Gotta love double standards. Governments can be ruthless with taxpayers who don't pay their bills, but as we recently learned, a political party (Manitoba's NDP) is being let off the hook for repaying tax dollars it appears it received illegitimately. See here for details.
Basically, the NDP cooked their books during the 1999 election by counting volunteer time from unions as expenses. As political parties are reimburse by the government with fifty cents for every dollar they spend during an election, this scheme provided the NDP with $76,000 of taxpayer money it wasn't eligible to receive.
Although the NDP were forced to repay the taxpayer dollars they received illegitimately during the 1999 election, it appears they haven't repaid taxpayer money from previous elections. This despite an NDP cabinet minister and an official agent stating the scheme had gone on for years prior to that election.
If you're thinking it's too late to go after taxpayer money handed out during the 1995, 1990, 1988 or 1986 elections, consider section 6 of the Canada Revenue Agency's Information Circular IC75-7R3.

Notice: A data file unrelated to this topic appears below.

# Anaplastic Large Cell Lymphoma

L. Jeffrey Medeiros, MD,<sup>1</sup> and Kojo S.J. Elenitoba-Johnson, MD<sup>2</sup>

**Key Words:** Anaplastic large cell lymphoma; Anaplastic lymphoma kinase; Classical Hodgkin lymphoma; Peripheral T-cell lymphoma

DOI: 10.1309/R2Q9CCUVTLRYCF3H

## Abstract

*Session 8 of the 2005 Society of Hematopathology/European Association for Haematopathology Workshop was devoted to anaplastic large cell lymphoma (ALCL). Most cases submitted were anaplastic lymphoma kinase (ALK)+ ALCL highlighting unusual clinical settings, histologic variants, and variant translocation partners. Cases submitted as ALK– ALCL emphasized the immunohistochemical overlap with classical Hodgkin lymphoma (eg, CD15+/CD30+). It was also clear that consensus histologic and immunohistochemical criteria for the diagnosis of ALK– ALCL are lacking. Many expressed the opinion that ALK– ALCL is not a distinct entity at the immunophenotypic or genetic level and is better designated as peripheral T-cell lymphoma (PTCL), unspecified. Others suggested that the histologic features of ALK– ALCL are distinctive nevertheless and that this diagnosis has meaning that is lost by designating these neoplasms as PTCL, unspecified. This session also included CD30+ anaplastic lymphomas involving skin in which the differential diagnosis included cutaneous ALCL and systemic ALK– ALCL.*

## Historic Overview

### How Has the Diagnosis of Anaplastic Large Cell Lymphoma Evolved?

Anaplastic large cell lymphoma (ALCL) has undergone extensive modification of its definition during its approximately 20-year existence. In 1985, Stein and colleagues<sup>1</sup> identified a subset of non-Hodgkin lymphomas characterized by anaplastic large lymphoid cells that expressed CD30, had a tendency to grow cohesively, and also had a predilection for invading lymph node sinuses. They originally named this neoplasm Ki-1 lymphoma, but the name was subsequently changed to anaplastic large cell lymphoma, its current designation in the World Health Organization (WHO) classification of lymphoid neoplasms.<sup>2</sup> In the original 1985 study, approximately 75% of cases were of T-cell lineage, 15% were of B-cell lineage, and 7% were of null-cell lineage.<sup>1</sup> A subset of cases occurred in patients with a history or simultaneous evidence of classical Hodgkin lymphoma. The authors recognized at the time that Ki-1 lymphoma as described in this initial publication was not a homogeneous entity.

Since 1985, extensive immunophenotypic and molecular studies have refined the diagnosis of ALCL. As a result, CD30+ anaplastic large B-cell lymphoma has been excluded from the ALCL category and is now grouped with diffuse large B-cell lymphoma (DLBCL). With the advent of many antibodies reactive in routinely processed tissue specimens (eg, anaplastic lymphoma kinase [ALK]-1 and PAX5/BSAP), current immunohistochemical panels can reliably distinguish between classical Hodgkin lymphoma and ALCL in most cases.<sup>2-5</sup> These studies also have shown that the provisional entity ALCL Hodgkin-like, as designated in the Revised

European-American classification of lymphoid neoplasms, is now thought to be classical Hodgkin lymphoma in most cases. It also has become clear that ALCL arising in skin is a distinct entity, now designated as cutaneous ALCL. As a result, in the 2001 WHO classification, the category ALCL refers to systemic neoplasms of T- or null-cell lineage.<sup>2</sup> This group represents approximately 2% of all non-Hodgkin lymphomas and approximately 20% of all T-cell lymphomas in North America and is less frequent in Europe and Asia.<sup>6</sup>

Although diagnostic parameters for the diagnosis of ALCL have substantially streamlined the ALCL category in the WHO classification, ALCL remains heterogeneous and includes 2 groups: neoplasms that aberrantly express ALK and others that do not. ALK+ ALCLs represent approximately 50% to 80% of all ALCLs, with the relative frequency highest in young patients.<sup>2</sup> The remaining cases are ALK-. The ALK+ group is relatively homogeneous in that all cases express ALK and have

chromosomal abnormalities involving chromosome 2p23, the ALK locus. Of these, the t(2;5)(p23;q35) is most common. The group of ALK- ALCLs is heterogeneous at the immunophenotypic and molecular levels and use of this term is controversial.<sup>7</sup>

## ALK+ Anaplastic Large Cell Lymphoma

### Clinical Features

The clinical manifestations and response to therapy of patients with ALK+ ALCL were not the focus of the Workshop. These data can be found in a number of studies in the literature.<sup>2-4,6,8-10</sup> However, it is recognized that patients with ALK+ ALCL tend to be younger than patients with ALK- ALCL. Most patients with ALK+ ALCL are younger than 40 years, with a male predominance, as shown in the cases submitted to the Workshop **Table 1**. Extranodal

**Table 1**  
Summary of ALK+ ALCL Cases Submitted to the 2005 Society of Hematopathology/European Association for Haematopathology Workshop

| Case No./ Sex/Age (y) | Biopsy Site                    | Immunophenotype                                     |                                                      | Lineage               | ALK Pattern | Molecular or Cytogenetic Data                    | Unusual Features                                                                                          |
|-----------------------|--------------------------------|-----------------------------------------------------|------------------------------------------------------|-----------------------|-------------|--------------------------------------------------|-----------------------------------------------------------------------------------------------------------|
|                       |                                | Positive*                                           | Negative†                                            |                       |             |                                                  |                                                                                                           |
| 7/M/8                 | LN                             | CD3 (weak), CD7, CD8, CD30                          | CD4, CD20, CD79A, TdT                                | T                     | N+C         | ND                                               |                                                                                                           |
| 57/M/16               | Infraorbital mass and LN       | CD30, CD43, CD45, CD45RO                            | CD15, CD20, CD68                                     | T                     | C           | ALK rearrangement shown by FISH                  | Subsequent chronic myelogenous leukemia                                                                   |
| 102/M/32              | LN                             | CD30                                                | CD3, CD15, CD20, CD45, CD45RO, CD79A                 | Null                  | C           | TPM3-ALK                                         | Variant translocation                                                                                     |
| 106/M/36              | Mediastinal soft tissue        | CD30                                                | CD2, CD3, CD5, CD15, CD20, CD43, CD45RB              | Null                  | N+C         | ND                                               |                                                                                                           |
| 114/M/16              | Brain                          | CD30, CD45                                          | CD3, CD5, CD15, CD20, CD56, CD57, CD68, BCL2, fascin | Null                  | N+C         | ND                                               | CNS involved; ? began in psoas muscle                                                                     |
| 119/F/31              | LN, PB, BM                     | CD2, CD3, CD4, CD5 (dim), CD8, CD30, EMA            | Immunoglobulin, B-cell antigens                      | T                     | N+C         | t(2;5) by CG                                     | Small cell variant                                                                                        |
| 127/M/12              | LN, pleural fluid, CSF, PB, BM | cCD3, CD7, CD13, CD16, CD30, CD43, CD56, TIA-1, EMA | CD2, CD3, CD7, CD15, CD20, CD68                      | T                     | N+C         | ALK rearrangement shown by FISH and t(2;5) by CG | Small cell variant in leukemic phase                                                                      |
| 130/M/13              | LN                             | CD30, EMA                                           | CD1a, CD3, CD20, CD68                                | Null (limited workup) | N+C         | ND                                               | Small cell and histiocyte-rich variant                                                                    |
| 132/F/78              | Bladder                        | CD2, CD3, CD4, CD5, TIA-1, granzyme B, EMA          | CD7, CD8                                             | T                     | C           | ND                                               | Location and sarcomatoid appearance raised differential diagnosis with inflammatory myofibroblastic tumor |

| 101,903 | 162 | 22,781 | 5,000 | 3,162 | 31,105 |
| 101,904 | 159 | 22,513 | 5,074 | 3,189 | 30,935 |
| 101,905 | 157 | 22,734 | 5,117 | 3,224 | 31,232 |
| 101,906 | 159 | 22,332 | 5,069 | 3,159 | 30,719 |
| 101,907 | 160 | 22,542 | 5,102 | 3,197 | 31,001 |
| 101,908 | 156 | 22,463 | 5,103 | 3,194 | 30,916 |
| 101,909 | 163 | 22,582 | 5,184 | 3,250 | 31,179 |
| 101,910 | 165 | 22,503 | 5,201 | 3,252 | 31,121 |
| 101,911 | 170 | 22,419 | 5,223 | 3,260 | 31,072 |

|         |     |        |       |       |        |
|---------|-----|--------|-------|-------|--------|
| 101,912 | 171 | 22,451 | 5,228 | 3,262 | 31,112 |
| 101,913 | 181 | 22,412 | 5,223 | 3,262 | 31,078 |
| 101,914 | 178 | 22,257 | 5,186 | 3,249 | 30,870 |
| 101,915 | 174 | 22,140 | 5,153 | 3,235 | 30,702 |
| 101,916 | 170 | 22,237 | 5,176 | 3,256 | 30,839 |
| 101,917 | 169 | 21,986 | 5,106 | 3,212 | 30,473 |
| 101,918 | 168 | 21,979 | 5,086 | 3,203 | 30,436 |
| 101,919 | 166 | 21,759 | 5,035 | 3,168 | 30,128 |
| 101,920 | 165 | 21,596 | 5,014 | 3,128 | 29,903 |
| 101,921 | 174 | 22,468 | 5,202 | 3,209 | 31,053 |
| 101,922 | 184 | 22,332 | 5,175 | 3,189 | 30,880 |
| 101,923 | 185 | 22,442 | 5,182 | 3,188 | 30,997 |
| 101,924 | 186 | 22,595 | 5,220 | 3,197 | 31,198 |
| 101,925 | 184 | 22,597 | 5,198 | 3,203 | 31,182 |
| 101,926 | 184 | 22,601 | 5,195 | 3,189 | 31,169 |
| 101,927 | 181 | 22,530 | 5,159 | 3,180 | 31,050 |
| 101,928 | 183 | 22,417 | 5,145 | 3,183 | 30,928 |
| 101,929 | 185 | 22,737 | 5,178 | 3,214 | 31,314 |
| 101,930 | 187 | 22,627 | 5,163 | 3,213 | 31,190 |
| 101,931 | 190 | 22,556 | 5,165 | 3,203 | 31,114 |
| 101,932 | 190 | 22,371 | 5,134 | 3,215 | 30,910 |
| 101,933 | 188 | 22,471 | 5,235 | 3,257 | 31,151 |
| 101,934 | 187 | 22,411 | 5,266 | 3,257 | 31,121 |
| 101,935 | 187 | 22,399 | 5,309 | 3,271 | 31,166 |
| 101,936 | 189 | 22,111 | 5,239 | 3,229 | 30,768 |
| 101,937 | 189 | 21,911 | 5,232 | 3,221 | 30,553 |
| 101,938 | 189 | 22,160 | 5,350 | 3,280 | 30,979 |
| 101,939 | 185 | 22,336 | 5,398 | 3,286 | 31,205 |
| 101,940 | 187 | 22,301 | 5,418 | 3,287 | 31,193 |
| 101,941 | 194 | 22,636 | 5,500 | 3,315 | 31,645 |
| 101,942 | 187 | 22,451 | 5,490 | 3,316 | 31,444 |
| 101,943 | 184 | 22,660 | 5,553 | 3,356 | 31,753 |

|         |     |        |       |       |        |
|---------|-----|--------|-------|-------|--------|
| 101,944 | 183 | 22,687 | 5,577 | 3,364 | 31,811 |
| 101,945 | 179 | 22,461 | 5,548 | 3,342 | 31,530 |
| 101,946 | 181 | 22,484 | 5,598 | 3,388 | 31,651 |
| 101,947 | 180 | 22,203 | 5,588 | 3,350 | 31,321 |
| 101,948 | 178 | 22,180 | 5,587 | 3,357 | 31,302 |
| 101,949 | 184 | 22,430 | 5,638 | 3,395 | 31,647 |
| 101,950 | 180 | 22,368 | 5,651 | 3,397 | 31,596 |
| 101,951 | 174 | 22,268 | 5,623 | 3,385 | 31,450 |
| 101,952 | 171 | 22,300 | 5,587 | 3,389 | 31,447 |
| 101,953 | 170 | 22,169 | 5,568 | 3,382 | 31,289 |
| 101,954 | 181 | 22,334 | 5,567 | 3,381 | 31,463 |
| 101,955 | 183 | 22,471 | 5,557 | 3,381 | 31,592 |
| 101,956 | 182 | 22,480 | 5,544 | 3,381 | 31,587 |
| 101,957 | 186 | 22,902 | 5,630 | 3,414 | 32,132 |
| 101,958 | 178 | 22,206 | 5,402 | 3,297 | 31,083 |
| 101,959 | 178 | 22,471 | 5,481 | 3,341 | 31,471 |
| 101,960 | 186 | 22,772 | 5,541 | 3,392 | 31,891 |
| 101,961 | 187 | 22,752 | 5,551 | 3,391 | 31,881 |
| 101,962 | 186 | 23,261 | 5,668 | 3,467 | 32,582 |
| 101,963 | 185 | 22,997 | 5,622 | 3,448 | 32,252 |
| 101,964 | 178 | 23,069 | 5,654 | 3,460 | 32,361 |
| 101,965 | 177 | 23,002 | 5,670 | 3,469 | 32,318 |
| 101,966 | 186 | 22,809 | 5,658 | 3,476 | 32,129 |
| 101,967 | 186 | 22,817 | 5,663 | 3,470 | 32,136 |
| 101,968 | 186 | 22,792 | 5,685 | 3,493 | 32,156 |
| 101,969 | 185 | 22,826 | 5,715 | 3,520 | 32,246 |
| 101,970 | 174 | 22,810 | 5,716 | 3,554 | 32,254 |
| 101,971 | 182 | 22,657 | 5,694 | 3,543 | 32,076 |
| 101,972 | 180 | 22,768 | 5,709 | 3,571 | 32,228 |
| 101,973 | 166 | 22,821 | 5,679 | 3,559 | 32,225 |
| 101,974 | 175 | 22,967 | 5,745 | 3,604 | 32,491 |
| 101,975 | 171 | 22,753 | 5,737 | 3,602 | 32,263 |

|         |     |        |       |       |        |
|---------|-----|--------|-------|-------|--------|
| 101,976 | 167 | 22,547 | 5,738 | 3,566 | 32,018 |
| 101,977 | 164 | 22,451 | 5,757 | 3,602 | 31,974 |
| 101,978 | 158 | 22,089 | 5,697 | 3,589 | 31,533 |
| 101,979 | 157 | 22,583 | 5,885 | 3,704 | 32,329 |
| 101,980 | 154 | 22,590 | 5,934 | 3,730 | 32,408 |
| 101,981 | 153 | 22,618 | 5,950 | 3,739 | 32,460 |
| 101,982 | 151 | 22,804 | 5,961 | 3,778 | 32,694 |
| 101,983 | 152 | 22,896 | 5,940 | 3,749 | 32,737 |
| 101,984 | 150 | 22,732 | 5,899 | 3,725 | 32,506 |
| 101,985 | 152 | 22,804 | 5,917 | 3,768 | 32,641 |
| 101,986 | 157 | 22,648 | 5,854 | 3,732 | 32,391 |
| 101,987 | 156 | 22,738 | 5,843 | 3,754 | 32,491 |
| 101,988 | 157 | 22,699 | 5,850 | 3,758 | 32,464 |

Basically, the feds have the ability to go in and reassess taxpayers at any time if they feel a taxpayer has made "misrepresentation attributable to neglect, carelessness or wilful default or has committed fraud under the Income Tax Act."
As you'll note, they can also assess interest and penalties.
Again, taxpayers can get raked over the coals for bills they don't pay, but it looks as though there's a separate set of rules for political parties.
Monday, June 22, 2009
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